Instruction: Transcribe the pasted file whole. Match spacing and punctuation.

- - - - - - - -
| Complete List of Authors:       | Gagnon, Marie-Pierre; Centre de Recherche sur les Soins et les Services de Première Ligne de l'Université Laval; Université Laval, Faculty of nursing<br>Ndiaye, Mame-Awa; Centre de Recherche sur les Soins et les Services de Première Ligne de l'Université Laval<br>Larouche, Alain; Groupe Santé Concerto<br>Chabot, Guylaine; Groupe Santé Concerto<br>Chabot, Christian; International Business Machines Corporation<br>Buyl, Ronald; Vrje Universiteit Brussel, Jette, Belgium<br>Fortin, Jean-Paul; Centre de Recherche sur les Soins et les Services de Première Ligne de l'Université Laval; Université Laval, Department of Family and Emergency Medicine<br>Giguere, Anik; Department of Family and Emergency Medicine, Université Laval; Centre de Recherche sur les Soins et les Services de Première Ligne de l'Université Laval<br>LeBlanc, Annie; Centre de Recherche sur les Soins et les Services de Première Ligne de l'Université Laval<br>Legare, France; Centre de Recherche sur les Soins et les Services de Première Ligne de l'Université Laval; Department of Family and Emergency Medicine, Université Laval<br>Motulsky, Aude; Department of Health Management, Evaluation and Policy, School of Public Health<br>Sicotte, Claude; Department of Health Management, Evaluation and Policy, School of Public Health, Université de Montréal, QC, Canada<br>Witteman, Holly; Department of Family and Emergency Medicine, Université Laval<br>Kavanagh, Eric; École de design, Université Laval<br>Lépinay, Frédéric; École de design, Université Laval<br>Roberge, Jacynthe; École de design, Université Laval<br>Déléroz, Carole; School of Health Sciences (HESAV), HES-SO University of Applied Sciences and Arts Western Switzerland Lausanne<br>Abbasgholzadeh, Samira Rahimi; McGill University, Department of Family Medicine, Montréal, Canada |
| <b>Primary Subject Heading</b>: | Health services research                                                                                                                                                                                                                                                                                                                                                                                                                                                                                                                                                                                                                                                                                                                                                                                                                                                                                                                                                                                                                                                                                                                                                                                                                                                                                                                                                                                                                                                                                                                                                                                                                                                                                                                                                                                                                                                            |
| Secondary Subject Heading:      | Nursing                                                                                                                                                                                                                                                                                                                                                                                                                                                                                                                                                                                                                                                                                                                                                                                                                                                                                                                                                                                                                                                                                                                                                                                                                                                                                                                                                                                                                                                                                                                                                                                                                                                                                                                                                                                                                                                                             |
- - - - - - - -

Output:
| Complete List of Authors:       | Gagnon, Marie-Pierre; Centre de Recherche sur les Soins et les Services de Première Ligne de l'Université Laval; Université Laval, Faculty of nursing<br>Ndiaye, Mame-Awa; Centre de Recherche sur les Soins et les Services de Première Ligne de l'Université Laval<br>Larouche, Alain; Groupe Santé Concerto<br>Chabot, Guylaine; Groupe Santé Concerto<br>Chabot, Christian; International Business Machines Corporation<br>Buyl, Ronald; Vrje Universiteit Brussel, Jette, Belgium<br>Fortin, Jean-Paul; Centre de Recherche sur les Soins et les Services de Première Ligne de l'Université Laval; Université Laval, Department of Family and Emergency Medicine<br>Giguere, Anik; Department of Family and Emergency Medicine, Université Laval; Centre de Recherche sur les Soins et les Services de Première Ligne de l'Université Laval<br>LeBlanc, Annie; Centre de Recherche sur les Soins et les Services de Première Ligne de l'Université Laval<br>Legare, France; Centre de Recherche sur les Soins et les Services de Première Ligne de l'Université Laval; Department of Family and Emergency Medicine, Université Laval<br>Motulsky, Aude; Department of Health Management, Evaluation and Policy, School of Public Health<br>Sicotte, Claude; Department of Health Management, Evaluation and Policy, School of Public Health, Université de Montréal, QC, Canada<br>Witteman, Holly; Department of Family and Emergency Medicine, Université Laval<br>Kavanagh, Eric; École de design, Université Laval<br>Lépinay, Frédéric; École de design, Université Laval<br>Roberge, Jacynthe; École de design, Université Laval<br>Déléroz, Carole; School of Health Sciences (HESAV), HES-SO University of Applied Sciences and Arts Western Switzerland Lausanne<br>Abbasgholzadeh, Samira Rahimi; McGill University, Department of Family Medicine, Montréal, Canada |
| <b>Primary Subject Heading</b>: | Health services research                                                                                                                                                                                                                                                                                                                                                                                                                                                                                                                                                                                                                                                                                                                                                                                                                                                                                                                                                                                                                                                                                                                                                                                                                                                                                                                                                                                                                                                                                                                                                                                                                                                                                                                                                                                                                                                            |
| Secondary Subject Heading:      | Nursing                                                                                                                                                                                                                                                                                                                                                                                                                                                                                                                                                                                                                                                                                                                                                                                                                                                                                                                                                                                                                                                                                                                                                                                                                                                                                                                                                                                                                                                                                                                                                                                                                                                                                                                                                                                                                                                                             |